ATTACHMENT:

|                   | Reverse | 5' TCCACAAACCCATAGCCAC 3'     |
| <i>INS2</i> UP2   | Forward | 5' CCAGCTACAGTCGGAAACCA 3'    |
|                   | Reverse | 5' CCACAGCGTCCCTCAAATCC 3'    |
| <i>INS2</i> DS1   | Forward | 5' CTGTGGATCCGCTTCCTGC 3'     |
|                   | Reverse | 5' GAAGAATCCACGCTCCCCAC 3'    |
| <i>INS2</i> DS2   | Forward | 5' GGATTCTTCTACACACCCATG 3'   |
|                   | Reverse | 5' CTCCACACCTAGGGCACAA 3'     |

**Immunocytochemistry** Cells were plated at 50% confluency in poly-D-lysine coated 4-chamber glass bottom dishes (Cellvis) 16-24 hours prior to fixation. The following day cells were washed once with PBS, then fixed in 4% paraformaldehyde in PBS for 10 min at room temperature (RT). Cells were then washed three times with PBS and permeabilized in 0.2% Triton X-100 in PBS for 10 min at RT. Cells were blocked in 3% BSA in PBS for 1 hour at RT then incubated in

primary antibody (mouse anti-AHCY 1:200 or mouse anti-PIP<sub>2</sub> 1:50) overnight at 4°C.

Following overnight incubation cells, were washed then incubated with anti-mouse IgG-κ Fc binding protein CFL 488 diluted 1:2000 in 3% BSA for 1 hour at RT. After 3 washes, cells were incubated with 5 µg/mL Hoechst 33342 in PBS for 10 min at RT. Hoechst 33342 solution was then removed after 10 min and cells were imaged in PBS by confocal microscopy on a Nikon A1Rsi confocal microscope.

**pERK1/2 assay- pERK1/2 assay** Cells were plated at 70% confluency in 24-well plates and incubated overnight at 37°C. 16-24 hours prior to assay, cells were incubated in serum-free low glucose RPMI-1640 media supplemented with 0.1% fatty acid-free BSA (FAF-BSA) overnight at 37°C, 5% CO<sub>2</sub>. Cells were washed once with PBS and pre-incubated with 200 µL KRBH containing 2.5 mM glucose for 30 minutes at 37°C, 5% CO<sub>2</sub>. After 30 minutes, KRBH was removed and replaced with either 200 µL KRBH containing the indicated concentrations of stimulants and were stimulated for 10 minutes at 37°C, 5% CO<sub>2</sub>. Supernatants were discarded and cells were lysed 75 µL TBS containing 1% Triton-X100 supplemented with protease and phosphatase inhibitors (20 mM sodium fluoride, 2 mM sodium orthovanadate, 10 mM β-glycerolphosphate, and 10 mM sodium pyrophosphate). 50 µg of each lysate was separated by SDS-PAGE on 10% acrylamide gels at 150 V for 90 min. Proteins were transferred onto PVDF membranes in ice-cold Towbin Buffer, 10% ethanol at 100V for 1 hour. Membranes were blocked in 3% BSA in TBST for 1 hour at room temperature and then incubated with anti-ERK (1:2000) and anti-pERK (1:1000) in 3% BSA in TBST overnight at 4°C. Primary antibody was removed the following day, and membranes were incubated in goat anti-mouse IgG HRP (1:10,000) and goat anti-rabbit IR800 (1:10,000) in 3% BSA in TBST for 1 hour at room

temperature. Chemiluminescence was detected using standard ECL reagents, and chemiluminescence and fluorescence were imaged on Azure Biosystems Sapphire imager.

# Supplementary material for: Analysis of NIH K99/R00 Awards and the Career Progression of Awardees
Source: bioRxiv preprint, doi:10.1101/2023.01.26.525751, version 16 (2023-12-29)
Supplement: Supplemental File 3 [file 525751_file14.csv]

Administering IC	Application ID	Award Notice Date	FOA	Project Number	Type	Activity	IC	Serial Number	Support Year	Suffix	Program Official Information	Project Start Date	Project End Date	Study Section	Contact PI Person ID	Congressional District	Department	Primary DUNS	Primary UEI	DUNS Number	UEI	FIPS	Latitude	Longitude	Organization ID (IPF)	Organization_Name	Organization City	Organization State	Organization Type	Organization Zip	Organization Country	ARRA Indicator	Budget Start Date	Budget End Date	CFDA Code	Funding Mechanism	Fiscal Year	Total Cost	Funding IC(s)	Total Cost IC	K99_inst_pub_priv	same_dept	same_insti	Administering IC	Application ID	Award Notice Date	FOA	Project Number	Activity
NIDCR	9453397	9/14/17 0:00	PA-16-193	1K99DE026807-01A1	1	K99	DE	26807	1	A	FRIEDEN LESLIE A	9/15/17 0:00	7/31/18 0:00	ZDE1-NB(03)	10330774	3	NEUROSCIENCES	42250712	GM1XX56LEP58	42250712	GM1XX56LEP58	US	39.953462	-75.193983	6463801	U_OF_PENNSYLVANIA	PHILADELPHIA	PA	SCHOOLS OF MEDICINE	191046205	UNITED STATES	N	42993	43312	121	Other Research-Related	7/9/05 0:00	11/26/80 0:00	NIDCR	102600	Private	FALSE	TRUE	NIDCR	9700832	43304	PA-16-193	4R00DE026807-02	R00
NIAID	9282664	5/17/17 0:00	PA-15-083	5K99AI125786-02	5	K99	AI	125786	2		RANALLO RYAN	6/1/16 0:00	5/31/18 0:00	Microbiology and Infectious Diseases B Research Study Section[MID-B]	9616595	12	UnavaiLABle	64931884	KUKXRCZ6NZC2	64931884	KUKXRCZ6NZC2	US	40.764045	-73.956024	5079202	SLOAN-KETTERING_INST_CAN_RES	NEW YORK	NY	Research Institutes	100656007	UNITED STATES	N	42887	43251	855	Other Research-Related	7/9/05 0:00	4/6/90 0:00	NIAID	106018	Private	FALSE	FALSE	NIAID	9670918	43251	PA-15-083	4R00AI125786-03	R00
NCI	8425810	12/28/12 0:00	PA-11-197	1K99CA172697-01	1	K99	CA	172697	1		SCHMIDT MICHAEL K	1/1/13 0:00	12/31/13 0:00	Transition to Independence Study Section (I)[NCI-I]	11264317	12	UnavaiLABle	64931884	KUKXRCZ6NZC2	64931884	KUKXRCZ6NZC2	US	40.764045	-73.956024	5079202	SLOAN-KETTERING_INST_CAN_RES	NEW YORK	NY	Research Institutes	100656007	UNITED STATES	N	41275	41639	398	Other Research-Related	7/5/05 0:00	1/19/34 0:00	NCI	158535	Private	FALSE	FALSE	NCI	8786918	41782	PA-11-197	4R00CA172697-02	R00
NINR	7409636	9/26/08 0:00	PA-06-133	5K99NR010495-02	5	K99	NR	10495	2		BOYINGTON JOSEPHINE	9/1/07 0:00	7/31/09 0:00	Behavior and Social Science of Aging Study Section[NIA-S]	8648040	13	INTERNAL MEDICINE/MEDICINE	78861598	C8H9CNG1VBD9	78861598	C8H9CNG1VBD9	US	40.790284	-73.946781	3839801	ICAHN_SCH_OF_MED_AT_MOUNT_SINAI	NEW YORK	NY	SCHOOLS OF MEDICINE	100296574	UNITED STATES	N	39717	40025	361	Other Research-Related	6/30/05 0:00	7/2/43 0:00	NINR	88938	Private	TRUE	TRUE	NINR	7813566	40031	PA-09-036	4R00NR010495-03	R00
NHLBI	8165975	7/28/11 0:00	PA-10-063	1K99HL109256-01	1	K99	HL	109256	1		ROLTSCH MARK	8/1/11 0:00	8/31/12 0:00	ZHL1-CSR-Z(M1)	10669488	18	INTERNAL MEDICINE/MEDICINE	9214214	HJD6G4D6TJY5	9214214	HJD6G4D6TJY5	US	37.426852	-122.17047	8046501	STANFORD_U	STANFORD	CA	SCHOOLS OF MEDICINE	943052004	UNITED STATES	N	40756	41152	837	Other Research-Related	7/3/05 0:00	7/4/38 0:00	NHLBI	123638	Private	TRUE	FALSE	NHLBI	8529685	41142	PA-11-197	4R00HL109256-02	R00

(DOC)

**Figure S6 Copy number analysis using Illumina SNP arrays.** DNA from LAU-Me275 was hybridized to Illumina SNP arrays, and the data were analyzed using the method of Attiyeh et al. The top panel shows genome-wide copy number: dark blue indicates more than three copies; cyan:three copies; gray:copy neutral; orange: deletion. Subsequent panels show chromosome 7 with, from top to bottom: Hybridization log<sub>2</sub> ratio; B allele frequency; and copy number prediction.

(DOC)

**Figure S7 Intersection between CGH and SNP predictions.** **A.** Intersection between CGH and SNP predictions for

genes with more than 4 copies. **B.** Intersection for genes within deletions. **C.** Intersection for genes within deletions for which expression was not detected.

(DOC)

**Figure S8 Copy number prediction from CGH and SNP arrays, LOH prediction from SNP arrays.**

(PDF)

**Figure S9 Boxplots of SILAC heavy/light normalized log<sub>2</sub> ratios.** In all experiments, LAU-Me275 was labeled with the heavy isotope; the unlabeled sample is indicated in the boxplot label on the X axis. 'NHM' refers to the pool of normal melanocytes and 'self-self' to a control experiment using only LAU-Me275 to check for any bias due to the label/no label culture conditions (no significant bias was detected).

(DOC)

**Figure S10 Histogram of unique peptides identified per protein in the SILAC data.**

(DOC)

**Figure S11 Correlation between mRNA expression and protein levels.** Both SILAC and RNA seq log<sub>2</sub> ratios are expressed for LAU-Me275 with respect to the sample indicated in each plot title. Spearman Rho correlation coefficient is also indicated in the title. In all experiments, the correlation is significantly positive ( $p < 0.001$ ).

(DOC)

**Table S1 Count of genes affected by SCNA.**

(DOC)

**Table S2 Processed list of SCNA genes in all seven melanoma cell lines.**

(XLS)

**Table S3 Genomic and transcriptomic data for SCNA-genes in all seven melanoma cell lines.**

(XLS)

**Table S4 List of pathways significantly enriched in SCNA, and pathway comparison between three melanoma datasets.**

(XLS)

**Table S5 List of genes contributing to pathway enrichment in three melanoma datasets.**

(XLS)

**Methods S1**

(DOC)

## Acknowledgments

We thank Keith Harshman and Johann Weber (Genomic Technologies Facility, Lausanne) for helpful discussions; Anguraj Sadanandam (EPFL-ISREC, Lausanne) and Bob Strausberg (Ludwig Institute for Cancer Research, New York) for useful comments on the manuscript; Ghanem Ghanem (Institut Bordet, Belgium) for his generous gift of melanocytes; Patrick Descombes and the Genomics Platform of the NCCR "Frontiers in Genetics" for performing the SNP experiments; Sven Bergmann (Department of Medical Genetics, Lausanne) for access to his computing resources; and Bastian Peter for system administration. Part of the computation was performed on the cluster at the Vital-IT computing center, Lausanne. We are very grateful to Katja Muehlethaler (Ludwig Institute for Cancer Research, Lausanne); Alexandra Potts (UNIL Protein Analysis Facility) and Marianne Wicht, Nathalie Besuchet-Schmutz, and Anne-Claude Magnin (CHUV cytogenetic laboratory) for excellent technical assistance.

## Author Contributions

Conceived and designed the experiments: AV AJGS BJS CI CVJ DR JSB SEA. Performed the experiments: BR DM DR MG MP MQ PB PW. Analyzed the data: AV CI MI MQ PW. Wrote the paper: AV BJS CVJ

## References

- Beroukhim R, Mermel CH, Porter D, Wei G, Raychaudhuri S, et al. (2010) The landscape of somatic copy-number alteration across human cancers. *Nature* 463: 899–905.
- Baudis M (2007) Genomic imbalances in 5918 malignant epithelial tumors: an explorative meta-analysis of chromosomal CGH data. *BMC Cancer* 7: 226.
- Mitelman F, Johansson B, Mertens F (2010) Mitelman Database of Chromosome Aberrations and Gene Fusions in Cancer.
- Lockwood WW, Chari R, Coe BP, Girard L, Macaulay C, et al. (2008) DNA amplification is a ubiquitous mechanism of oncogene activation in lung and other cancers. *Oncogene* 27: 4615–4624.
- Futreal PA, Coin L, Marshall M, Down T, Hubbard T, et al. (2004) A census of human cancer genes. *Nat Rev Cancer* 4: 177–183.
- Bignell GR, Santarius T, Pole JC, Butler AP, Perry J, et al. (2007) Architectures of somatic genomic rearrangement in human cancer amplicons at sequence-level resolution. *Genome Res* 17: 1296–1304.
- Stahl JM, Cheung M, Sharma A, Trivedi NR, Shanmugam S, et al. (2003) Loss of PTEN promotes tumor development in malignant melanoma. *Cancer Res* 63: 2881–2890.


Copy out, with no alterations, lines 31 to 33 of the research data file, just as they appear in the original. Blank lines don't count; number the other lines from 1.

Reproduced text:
(DOC)

**Figure S10 Histogram of unique peptides identified per protein in the SILAC data.**

(DOC)